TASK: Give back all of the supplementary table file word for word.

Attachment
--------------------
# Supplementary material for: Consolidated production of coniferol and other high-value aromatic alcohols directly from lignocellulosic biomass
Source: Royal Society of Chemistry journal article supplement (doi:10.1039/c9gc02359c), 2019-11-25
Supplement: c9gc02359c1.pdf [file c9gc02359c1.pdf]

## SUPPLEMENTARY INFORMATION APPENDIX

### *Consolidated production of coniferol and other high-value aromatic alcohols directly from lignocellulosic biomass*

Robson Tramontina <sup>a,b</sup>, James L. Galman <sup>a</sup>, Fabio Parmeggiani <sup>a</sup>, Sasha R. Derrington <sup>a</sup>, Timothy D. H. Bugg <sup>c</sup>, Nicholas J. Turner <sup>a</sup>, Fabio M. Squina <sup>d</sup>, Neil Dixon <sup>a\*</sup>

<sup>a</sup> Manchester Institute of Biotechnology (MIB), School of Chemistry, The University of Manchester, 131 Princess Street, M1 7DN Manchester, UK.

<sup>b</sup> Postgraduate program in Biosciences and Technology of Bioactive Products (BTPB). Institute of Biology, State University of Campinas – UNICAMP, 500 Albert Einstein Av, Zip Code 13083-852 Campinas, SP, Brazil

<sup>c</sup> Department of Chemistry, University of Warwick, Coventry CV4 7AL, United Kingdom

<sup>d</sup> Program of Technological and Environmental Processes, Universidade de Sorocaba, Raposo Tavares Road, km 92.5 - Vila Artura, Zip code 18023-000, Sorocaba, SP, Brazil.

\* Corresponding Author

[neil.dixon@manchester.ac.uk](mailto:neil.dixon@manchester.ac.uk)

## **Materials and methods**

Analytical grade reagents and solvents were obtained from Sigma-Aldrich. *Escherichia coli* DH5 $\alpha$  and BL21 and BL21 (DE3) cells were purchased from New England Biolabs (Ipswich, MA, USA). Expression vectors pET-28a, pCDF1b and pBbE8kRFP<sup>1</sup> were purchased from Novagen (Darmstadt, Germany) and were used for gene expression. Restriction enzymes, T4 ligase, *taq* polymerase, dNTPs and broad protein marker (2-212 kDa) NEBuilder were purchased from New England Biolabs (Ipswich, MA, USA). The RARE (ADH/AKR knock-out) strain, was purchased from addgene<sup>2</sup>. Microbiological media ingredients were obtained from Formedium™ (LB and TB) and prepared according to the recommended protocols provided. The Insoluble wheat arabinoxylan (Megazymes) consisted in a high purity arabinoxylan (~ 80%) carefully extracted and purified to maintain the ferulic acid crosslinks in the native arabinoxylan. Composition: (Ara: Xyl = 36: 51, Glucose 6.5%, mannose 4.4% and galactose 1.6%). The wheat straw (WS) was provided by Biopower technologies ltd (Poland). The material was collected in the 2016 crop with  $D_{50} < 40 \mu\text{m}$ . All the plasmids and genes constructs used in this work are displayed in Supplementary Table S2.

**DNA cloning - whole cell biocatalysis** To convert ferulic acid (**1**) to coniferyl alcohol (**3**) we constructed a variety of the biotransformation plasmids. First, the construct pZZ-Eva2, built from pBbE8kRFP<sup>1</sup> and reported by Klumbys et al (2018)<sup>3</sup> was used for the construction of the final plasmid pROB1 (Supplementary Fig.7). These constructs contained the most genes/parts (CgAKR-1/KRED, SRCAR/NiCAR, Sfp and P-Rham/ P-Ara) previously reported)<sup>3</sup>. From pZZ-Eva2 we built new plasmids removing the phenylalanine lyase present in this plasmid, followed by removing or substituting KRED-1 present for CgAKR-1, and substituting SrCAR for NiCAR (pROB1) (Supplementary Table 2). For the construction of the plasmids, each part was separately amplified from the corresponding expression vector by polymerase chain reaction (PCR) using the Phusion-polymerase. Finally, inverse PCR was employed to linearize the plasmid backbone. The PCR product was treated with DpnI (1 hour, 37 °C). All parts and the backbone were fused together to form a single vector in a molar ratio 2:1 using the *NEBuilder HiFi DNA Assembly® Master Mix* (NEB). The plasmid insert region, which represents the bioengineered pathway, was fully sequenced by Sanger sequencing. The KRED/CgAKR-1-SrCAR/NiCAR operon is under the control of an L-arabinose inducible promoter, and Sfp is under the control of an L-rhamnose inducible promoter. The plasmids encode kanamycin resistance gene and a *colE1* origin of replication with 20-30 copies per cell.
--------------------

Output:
# Supplementary material for: Consolidated production of coniferol and other high-value aromatic alcohols directly from lignocellulosic biomass
Source: Royal Society of Chemistry journal article supplement (doi:10.1039/c9gc02359c), 2019-11-25
Supplement: c9gc02359c1.pdf [file c9gc02359c1.pdf]

## SUPPLEMENTARY INFORMATION APPENDIX

### *Consolidated production of coniferol and other high-value aromatic alcohols directly from lignocellulosic biomass*

Robson Tramontina <sup>a,b</sup>, James L. Galman <sup>a</sup>, Fabio Parmeggiani <sup>a</sup>, Sasha R. Derrington <sup>a</sup>, Timothy D. H. Bugg <sup>c</sup>, Nicholas J. Turner <sup>a</sup>, Fabio M. Squina <sup>d</sup>, Neil Dixon <sup>a\*</sup>

<sup>a</sup> Manchester Institute of Biotechnology (MIB), School of Chemistry, The University of Manchester, 131 Princess Street, M1 7DN Manchester, UK.

<sup>b</sup> Postgraduate program in Biosciences and Technology of Bioactive Products (BTPB). Institute of Biology, State University of Campinas – UNICAMP, 500 Albert Einstein Av, Zip Code 13083-852 Campinas, SP, Brazil

<sup>c</sup> Department of Chemistry, University of Warwick, Coventry CV4 7AL, United Kingdom

<sup>d</sup> Program of Technological and Environmental Processes, Universidade de Sorocaba, Raposo Tavares Road, km 92.5 - Vila Artura, Zip code 18023-000, Sorocaba, SP, Brazil.

\* Corresponding Author

[neil.dixon@manchester.ac.uk](mailto:neil.dixon@manchester.ac.uk)

## **Materials and methods**

Analytical grade reagents and solvents were obtained from Sigma-Aldrich. *Escherichia coli* DH5 $\alpha$  and BL21 and BL21 (DE3) cells were purchased from New England Biolabs (Ipswich, MA, USA). Expression vectors pET-28a, pCDF1b and pBbE8kRFP<sup>1</sup> were purchased from Novagen (Darmstadt, Germany) and were used for gene expression. Restriction enzymes, T4 ligase, *taq* polymerase, dNTPs and broad protein marker (2-212 kDa) NEBuilder were purchased from New England Biolabs (Ipswich, MA, USA). The RARE (ADH/AKR knock-out) strain, was purchased from addgene<sup>2</sup>. Microbiological media ingredients were obtained from Formedium™ (LB and TB) and prepared according to the recommended protocols provided. The Insoluble wheat arabinoxylan (Megazymes) consisted in a high purity arabinoxylan (~ 80%) carefully extracted and purified to maintain the ferulic acid crosslinks in the native arabinoxylan. Composition: (Ara: Xyl = 36: 51, Glucose 6.5%, mannose 4.4% and galactose 1.6%). The wheat straw (WS) was provided by Biopower technologies ltd (Poland). The material was collected in the 2016 crop with  $D_{50} < 40 \mu\text{m}$ . All the plasmids and genes constructs used in this work are displayed in Supplementary Table S2.

**DNA cloning - whole cell biocatalysis** To convert ferulic acid (**1**) to coniferyl alcohol (**3**) we constructed a variety of the biotransformation plasmids. First, the construct pZZ-Eva2, built from pBbE8kRFP<sup>1</sup> and reported by Klumbys et al (2018)<sup>3</sup> was used for the construction of the final plasmid pROB1 (Supplementary Fig.7). These constructs contained the most genes/parts (CgAKR-1/KRED, SRCAR/NiCAR, Sfp and P-Rham/ P-Ara) previously reported)<sup>3</sup>. From pZZ-Eva2 we built new plasmids removing the phenylalanine lyase present in this plasmid, followed by removing or substituting KRED-1 present for CgAKR-1, and substituting SrCAR for NiCAR (pROB1) (Supplementary Table 2). For the construction of the plasmids, each part was separately amplified from the corresponding expression vector by polymerase chain reaction (PCR) using the Phusion-polymerase. Finally, inverse PCR was employed to linearize the plasmid backbone. The PCR product was treated with DpnI (1 hour, 37 °C). All parts and the backbone were fused together to form a single vector in a molar ratio 2:1 using the *NEBuilder HiFi DNA Assembly® Master Mix* (NEB). The plasmid insert region, which represents the bioengineered pathway, was fully sequenced by Sanger sequencing. The KRED/CgAKR-1-SrCAR/NiCAR operon is under the control of an L-arabinose inducible promoter, and Sfp is under the control of an L-rhamnose inducible promoter. The plasmids encode kanamycin resistance gene and a *colE1* origin of replication with 20-30 copies per cell.